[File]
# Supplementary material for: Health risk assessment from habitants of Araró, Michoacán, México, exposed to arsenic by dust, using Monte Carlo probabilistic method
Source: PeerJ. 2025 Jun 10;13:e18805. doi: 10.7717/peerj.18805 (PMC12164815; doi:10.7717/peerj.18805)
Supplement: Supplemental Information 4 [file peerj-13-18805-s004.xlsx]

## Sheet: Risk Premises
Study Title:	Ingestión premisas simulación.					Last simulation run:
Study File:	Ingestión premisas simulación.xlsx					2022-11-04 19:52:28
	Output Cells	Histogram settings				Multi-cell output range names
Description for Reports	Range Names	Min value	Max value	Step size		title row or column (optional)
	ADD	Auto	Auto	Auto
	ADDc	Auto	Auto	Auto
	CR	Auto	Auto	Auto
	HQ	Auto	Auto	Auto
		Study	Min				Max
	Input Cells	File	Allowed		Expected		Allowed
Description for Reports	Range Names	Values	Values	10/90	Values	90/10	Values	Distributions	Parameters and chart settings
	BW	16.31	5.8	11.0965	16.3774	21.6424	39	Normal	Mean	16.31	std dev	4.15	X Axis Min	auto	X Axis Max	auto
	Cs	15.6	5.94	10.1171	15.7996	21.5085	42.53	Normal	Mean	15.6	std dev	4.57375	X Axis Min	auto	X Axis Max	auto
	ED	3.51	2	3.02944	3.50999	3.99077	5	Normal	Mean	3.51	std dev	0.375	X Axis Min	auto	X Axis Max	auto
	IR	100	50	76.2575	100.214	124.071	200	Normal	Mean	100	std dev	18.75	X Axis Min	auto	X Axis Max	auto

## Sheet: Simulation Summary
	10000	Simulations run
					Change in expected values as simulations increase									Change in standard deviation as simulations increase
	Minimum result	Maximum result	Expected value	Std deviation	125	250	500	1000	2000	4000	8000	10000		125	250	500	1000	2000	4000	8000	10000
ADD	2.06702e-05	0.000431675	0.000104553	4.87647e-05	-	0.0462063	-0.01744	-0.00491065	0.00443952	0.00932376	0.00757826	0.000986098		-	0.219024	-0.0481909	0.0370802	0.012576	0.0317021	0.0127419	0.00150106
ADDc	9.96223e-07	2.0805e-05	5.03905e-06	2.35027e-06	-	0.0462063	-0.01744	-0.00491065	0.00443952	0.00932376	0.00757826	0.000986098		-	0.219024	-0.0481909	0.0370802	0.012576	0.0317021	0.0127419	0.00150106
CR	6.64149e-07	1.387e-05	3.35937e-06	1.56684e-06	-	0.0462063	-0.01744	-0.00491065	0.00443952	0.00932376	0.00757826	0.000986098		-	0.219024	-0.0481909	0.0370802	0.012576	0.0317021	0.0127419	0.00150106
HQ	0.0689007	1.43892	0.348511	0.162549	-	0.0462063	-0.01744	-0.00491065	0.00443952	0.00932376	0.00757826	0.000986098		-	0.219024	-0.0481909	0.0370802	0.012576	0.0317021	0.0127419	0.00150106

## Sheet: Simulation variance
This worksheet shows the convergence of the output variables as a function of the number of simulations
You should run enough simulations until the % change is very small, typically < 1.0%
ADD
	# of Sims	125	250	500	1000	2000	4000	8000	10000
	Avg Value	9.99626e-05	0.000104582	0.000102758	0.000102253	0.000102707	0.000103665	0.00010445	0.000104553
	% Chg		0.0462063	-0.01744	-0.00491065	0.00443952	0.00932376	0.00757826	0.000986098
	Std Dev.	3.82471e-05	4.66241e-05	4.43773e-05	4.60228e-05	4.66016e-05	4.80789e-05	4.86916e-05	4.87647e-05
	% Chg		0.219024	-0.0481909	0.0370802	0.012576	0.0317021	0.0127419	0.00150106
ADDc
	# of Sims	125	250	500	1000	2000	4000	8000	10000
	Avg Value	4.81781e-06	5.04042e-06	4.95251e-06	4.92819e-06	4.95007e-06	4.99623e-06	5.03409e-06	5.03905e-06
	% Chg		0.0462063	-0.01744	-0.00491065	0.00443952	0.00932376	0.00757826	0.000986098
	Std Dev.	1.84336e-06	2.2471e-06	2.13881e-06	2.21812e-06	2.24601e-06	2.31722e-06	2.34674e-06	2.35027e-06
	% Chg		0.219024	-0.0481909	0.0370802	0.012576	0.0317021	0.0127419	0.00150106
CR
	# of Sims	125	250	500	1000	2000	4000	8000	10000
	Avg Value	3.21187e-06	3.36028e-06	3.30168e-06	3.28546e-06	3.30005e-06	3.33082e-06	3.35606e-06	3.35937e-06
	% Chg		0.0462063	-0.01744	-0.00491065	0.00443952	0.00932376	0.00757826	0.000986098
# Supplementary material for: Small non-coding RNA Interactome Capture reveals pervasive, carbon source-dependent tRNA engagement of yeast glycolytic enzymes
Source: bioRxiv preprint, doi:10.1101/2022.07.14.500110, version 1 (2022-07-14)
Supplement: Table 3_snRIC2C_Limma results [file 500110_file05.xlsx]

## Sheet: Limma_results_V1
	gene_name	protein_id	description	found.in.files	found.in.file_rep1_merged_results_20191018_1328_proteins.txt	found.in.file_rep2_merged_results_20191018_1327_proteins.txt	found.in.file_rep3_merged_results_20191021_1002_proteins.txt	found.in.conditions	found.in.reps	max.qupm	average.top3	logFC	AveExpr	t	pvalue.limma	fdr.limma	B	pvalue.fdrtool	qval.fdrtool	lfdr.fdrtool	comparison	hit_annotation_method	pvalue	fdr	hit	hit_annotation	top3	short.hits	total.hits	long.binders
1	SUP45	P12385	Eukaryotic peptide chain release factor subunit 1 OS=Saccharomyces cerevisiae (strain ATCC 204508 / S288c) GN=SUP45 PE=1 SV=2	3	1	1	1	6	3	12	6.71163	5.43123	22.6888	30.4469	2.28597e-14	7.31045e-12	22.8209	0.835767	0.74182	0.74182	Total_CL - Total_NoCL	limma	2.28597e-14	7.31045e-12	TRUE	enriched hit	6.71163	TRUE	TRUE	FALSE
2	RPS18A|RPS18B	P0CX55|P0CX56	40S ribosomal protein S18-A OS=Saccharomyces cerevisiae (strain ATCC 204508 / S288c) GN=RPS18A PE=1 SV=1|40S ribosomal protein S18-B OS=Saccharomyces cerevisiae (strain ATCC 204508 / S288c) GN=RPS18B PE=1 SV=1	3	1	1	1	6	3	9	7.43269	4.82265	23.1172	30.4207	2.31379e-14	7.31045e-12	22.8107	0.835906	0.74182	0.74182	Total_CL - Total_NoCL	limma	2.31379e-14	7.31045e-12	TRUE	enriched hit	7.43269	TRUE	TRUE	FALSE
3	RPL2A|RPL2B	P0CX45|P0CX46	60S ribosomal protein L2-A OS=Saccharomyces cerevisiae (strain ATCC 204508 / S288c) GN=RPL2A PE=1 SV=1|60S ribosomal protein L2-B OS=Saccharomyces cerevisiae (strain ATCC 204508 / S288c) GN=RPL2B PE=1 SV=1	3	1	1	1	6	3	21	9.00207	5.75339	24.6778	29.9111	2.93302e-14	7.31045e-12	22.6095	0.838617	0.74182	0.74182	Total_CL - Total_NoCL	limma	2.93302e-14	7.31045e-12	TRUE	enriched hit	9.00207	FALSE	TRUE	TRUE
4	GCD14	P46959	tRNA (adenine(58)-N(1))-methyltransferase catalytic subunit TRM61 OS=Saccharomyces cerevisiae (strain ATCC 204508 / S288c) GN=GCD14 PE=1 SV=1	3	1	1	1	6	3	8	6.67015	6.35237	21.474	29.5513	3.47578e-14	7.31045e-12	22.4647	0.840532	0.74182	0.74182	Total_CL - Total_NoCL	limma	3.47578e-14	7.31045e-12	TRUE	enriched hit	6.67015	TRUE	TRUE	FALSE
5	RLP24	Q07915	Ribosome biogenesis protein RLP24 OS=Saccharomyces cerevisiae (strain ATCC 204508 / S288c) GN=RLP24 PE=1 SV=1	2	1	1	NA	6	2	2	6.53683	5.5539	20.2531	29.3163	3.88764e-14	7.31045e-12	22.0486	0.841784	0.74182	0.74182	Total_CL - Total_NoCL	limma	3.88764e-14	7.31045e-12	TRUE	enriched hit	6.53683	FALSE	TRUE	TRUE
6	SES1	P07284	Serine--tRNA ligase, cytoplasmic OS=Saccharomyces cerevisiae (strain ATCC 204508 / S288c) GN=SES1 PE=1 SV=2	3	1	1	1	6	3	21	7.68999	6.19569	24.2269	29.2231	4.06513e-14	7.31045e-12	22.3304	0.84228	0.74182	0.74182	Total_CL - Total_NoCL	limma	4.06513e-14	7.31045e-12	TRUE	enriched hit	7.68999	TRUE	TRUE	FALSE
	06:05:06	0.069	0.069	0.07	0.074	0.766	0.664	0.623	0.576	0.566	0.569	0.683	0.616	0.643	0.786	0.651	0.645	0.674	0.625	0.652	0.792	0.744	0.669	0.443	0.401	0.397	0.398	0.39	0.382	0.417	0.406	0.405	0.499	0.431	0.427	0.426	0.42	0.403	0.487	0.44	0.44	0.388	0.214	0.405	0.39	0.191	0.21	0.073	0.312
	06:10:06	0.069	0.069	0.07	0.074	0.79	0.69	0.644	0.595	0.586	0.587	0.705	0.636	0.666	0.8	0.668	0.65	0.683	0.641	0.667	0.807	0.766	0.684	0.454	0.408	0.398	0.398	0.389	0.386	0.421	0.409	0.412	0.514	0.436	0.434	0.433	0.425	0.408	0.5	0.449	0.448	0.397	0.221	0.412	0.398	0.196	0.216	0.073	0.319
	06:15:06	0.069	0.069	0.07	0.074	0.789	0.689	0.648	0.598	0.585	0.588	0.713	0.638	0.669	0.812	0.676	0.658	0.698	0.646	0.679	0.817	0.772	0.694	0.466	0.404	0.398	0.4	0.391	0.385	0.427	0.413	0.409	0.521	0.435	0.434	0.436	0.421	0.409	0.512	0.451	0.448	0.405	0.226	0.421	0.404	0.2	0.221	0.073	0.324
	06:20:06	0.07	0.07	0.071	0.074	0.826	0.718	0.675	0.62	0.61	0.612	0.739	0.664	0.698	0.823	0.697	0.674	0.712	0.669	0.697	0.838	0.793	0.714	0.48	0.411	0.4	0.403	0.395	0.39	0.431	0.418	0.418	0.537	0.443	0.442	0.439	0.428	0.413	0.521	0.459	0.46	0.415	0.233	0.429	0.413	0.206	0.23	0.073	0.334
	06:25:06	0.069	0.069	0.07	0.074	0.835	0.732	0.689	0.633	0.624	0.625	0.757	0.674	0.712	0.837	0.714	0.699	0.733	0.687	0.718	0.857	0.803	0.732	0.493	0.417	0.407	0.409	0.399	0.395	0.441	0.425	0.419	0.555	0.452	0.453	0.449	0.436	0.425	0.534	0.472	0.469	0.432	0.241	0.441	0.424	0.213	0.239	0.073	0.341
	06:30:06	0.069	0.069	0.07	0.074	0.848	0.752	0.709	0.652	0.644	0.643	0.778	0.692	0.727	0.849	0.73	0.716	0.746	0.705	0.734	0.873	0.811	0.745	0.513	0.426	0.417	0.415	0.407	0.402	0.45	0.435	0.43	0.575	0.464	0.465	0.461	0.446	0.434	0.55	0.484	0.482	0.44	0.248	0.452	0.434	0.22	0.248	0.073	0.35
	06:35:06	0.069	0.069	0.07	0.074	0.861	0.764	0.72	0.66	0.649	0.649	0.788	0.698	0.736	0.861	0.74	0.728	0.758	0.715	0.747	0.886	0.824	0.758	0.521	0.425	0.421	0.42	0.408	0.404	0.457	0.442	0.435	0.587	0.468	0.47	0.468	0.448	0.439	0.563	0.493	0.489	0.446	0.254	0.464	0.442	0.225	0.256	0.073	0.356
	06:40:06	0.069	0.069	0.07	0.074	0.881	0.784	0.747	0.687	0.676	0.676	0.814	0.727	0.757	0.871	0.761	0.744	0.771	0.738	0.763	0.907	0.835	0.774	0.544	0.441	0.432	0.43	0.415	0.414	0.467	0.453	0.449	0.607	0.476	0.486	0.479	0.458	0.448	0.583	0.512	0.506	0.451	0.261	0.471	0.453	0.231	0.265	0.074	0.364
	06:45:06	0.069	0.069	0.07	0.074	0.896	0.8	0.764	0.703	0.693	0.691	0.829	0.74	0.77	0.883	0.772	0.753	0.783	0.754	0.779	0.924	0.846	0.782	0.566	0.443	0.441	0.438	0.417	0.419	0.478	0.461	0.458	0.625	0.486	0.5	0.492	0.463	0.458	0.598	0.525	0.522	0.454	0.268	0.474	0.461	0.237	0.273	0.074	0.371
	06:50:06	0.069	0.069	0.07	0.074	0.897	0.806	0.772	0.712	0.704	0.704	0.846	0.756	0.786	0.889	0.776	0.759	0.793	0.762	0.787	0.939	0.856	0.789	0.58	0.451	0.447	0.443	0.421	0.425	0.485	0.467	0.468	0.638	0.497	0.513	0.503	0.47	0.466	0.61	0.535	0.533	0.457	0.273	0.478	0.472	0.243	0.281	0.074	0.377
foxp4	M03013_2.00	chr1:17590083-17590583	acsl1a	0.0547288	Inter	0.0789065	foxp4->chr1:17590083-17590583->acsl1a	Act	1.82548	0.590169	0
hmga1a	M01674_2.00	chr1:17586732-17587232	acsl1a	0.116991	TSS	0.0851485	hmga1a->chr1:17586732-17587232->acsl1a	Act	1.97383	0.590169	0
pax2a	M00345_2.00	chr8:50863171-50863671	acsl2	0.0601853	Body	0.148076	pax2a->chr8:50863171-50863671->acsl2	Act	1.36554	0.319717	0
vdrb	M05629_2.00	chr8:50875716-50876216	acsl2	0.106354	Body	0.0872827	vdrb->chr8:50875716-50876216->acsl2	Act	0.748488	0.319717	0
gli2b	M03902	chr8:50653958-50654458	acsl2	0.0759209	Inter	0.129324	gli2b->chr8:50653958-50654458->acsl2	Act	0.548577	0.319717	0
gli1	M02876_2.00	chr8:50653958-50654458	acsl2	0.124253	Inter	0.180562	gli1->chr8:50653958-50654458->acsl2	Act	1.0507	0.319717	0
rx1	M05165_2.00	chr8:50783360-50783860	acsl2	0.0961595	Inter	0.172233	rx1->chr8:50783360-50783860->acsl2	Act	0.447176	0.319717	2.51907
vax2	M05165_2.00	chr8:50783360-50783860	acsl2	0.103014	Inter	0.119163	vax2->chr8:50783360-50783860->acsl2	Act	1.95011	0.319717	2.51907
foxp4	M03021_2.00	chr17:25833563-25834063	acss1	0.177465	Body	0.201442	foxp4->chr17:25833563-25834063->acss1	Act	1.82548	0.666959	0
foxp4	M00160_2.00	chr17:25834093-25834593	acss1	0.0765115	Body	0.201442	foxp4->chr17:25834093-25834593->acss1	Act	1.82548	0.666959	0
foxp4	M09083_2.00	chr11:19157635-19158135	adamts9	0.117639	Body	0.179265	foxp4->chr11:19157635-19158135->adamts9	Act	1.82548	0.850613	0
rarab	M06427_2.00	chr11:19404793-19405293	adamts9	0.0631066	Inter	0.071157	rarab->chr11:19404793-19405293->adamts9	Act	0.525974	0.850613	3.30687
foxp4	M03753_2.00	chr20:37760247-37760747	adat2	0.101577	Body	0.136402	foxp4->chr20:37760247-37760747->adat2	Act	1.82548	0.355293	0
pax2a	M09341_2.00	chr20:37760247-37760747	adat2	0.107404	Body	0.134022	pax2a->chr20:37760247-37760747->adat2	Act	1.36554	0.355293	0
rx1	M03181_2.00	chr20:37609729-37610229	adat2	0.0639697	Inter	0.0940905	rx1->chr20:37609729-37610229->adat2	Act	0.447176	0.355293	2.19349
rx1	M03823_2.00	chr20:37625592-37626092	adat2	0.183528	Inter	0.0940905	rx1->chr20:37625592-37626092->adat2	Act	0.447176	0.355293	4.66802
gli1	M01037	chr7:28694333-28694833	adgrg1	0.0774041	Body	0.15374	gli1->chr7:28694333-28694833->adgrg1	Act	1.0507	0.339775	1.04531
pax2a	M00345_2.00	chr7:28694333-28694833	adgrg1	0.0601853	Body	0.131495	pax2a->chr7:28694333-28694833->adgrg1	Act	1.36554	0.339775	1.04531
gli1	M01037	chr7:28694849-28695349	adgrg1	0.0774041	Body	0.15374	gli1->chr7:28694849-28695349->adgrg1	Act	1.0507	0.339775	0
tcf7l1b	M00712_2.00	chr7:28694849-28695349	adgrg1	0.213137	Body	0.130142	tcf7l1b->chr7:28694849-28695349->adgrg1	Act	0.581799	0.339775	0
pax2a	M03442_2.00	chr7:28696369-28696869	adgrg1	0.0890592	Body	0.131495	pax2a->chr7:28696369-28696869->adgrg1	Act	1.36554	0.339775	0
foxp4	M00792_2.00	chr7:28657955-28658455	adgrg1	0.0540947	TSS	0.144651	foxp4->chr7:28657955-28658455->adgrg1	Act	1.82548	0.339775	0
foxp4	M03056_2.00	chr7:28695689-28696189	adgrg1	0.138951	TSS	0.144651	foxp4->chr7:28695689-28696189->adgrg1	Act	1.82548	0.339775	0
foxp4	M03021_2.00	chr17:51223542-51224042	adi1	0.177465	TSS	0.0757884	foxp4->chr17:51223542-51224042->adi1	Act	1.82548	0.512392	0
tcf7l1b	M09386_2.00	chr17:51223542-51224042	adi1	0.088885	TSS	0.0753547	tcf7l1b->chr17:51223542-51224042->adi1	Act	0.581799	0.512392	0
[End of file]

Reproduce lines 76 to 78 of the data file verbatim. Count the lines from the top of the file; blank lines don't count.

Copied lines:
foxp4	M03021_2.00	chr17:25833563-25834063	acss1	0.177465	Body	0.201442	foxp4->chr17:25833563-25834063->acss1	Act	1.82548	0.666959	0
foxp4	M00160_2.00	chr17:25834093-25834593	acss1	0.0765115	Body	0.201442	foxp4->chr17:25834093-25834593->acss1	Act	1.82548	0.666959	0
foxp4	M09083_2.00	chr11:19157635-19158135	adamts9	0.117639	Body	0.179265	foxp4->chr11:19157635-19158135->adamts9	Act	1.82548	0.850613	0